You can use GitHub CLI in your Actions workflows to perform almost any GitHub interaction you can think of. Write down everything each step will need to do to complete the step. Store links for reference as your work on your course.

Writing your Actions workflow files: Sections of the workflow file

Take a look at Introduction to GitHub for example workflow files.

Each workflow file has the name format: N-brief-summary.yml, where N is the step number and brief-summary describes the step. We recommend this format to make it easy to see the order the steps will run in.

Each workflow file will have a few sections, the name, describing comments, event trigger, job header, and steps.

The first section is the name:

name: Step 0, Start

Next, add comments describing what the Actions workflow will do:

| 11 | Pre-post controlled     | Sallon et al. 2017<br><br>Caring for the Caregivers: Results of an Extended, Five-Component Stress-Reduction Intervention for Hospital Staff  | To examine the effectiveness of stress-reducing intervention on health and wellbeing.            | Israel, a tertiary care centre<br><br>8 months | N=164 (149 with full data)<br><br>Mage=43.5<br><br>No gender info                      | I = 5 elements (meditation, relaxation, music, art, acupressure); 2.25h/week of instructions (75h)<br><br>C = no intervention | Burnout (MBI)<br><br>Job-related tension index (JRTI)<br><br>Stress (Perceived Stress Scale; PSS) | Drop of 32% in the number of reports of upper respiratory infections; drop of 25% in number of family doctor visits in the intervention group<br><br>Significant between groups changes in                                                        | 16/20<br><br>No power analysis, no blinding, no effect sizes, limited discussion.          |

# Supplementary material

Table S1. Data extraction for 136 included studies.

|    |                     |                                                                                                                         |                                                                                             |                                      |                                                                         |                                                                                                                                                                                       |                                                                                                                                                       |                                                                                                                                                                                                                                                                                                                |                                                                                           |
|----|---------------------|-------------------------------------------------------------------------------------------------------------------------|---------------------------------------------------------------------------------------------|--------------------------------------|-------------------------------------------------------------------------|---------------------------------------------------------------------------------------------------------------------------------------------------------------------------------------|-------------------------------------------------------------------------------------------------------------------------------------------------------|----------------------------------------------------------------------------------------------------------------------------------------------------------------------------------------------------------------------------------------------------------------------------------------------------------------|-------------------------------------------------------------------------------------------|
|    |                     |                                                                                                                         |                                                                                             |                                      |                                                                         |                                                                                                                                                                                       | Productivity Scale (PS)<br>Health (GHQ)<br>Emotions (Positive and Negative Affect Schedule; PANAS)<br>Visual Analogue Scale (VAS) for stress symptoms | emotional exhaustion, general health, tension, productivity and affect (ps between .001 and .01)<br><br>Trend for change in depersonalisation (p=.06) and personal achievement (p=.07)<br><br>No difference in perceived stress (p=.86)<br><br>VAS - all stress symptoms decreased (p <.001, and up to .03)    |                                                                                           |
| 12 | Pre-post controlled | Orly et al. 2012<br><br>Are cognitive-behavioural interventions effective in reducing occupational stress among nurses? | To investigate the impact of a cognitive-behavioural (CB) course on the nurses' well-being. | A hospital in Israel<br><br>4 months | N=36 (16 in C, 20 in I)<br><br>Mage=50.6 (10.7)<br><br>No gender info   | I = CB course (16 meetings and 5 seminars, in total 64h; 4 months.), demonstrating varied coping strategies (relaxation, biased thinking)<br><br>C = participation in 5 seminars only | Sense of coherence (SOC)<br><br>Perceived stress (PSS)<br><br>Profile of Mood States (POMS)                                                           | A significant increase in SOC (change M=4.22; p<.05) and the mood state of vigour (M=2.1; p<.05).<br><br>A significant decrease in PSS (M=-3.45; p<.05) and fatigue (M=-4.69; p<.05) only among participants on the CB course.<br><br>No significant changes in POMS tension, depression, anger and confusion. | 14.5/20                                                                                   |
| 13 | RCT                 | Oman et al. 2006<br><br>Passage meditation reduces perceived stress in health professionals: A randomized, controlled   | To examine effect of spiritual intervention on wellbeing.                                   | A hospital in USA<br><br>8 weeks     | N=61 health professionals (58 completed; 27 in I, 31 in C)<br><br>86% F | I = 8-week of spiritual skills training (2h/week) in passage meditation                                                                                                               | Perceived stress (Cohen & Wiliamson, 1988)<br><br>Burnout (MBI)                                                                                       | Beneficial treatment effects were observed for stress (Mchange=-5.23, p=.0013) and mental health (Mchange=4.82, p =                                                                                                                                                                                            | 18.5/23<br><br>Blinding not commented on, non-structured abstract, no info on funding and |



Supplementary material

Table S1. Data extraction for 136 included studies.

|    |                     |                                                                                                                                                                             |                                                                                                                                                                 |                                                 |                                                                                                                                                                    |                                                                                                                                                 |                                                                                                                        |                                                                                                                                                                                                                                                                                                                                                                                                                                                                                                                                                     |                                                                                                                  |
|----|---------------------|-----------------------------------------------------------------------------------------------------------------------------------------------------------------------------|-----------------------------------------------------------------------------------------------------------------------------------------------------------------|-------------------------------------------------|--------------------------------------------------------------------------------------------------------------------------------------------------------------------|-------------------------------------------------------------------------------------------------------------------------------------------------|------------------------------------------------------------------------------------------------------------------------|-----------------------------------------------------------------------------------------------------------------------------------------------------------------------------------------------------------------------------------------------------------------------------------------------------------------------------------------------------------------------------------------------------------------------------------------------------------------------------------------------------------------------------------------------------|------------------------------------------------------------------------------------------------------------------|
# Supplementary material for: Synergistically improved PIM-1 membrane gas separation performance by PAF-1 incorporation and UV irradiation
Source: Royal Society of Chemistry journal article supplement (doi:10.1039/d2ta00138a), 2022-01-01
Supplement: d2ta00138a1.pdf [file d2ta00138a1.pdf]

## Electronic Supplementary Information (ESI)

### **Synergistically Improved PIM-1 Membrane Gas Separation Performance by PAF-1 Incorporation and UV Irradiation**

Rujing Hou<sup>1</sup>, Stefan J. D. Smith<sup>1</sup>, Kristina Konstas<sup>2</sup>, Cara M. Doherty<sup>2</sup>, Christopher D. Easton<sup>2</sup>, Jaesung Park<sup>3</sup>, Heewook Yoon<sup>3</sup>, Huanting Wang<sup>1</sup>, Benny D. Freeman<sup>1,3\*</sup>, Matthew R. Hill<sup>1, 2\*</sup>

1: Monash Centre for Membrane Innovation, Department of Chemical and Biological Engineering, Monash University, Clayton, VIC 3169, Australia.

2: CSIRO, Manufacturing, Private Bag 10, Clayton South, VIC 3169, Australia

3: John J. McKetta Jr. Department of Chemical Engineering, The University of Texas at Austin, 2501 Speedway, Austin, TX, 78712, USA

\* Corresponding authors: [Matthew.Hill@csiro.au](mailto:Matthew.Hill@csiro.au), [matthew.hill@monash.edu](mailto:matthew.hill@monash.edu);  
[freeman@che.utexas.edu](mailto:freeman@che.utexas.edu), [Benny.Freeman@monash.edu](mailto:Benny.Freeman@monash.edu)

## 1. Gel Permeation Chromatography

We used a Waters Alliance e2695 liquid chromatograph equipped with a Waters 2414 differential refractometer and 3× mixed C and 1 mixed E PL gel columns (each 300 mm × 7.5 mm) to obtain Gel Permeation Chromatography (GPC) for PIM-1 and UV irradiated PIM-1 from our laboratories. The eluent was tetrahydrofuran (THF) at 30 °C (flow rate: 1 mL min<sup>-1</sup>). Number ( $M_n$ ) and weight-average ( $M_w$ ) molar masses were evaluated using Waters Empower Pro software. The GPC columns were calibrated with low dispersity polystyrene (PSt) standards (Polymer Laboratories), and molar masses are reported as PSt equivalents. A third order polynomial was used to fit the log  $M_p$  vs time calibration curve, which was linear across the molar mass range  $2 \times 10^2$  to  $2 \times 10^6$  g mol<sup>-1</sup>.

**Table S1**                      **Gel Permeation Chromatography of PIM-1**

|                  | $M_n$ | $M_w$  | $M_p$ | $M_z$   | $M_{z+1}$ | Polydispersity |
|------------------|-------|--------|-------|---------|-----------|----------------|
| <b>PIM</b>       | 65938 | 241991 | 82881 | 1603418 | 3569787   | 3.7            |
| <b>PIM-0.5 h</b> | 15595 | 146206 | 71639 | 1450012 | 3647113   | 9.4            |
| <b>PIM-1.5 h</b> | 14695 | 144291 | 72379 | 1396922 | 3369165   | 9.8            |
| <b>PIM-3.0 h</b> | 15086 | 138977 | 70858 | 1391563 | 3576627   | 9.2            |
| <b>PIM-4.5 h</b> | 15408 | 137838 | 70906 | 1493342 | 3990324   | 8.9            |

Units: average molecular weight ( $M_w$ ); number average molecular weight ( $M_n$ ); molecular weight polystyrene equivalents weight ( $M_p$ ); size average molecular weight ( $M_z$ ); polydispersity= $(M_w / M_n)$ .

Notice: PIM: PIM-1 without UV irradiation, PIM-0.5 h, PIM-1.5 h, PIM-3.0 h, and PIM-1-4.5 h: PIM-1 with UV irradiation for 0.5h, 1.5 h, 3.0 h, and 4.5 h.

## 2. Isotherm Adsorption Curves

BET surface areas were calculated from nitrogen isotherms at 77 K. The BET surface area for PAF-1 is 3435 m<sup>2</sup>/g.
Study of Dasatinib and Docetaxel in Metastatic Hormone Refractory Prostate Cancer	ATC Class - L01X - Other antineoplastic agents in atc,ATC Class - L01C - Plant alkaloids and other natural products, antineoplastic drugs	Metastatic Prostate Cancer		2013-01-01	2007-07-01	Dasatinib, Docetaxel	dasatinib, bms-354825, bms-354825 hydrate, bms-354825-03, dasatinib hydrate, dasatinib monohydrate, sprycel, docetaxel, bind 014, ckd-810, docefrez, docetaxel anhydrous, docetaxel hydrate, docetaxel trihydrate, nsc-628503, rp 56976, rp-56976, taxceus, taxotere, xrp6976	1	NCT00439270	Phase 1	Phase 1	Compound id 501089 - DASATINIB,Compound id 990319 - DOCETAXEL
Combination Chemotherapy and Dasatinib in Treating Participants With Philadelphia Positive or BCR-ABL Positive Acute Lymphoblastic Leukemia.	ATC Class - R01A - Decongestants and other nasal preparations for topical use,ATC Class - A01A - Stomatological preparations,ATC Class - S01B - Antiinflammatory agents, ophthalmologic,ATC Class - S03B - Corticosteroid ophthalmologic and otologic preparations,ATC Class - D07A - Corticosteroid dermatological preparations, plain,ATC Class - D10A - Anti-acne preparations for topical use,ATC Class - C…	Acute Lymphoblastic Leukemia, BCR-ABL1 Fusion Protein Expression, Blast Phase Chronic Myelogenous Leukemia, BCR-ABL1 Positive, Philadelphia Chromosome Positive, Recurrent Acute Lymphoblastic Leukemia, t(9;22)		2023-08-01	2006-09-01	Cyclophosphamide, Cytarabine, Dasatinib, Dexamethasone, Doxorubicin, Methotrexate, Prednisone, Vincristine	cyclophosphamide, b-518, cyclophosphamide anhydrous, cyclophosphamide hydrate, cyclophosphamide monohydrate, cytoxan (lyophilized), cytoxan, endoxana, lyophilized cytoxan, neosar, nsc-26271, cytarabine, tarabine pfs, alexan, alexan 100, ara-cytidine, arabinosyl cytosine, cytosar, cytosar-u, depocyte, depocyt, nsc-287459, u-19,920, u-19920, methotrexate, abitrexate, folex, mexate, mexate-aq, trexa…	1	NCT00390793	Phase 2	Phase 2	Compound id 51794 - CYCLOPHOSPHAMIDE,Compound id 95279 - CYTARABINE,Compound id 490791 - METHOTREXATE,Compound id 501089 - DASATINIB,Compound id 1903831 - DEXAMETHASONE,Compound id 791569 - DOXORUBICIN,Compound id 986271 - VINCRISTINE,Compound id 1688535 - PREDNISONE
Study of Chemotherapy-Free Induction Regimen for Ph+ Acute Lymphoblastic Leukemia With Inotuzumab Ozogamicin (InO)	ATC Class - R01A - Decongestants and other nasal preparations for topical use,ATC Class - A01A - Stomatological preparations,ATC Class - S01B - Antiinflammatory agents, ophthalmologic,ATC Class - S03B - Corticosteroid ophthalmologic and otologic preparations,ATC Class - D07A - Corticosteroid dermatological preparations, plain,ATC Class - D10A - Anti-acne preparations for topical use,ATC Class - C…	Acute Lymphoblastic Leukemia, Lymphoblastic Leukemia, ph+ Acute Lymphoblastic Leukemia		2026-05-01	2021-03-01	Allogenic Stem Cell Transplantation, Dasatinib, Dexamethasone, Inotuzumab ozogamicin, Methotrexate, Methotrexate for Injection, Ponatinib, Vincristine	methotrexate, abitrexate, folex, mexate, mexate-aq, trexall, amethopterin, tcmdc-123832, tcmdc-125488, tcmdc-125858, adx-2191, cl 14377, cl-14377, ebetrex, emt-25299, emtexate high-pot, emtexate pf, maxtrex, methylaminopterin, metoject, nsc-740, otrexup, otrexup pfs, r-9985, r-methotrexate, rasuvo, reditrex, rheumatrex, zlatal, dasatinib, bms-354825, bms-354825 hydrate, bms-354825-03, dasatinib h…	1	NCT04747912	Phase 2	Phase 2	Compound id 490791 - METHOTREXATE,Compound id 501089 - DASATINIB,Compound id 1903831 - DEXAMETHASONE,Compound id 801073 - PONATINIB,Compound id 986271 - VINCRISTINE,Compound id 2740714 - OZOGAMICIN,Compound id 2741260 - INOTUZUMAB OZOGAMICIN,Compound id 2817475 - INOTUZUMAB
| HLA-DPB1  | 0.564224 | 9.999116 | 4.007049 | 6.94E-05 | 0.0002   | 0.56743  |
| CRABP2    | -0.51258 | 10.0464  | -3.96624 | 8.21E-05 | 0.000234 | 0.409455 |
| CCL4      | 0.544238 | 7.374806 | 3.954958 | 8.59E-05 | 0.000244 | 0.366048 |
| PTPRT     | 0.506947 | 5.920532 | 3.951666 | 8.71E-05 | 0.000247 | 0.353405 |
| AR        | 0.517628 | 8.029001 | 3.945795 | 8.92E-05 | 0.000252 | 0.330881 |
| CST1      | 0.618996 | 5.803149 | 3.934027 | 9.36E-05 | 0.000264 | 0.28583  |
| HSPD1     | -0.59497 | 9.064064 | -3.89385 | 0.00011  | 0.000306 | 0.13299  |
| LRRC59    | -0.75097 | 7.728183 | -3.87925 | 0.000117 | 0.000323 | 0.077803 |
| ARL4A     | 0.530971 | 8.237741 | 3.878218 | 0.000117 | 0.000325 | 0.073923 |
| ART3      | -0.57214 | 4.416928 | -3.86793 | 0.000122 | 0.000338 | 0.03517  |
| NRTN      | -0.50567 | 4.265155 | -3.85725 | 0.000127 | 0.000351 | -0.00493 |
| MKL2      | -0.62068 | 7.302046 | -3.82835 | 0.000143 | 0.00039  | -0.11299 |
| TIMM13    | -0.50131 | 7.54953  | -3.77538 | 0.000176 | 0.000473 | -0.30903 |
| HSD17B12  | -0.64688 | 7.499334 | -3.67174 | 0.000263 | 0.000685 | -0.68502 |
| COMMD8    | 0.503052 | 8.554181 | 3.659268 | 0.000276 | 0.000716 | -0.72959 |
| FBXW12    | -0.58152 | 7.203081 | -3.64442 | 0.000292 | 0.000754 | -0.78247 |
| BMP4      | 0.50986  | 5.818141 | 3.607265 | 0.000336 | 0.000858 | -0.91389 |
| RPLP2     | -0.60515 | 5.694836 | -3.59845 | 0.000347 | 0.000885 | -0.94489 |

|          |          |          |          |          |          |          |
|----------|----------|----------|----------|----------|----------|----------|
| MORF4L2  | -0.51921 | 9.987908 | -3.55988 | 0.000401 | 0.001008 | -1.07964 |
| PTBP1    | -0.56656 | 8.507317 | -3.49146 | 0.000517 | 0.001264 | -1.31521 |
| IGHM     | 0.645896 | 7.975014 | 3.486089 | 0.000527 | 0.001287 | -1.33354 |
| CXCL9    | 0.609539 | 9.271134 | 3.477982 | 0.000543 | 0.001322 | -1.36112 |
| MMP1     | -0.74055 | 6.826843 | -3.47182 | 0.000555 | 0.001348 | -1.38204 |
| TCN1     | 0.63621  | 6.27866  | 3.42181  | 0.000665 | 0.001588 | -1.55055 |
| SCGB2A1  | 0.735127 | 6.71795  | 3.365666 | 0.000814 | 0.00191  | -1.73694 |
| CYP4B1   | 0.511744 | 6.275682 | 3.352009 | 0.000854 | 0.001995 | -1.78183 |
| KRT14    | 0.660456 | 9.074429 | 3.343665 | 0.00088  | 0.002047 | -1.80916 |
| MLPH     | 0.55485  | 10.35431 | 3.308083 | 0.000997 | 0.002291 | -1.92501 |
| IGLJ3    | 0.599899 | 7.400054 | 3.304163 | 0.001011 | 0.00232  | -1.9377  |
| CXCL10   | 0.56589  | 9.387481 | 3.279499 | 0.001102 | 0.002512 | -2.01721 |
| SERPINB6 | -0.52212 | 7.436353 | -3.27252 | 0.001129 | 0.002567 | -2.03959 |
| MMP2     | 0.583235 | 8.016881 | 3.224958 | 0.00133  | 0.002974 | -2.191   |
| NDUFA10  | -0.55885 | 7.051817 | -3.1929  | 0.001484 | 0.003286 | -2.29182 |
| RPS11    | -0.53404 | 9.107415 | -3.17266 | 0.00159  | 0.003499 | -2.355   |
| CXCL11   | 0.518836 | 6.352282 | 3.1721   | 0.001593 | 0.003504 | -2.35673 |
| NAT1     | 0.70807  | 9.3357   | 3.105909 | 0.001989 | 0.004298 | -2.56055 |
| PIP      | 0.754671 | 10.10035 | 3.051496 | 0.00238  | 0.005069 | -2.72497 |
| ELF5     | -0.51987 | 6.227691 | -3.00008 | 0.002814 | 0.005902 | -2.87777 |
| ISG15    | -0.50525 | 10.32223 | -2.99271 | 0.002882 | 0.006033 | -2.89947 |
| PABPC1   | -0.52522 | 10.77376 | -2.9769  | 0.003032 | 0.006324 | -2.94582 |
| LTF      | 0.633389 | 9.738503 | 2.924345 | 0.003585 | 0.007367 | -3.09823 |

# This step triggers after the learner creates a new repository from the template.
# This step updates from step 1 to step 2.

Followed by the event trigger:

# This will run every time we create push a commit to `main`.
# Reference:
      - main

Next is the job header. You can add if tags to limit the scope of the event trigger here. You’ll also need to specify runs-on to get your Actions workflow running.

    name: On start

    # We will only run this action when:
    # 1. This repository isn't the template repository.
    # Reference
    # Reference
    if: ${{ !github.event.repository.is_template }}}

    # We'll run Ubuntu for performance instead of Mac or Windows.
    runs-on: ubuntu-latest

Last, we are finally in the steps of the Actions workflow. This is the heart of the file, where you can customize your course the most.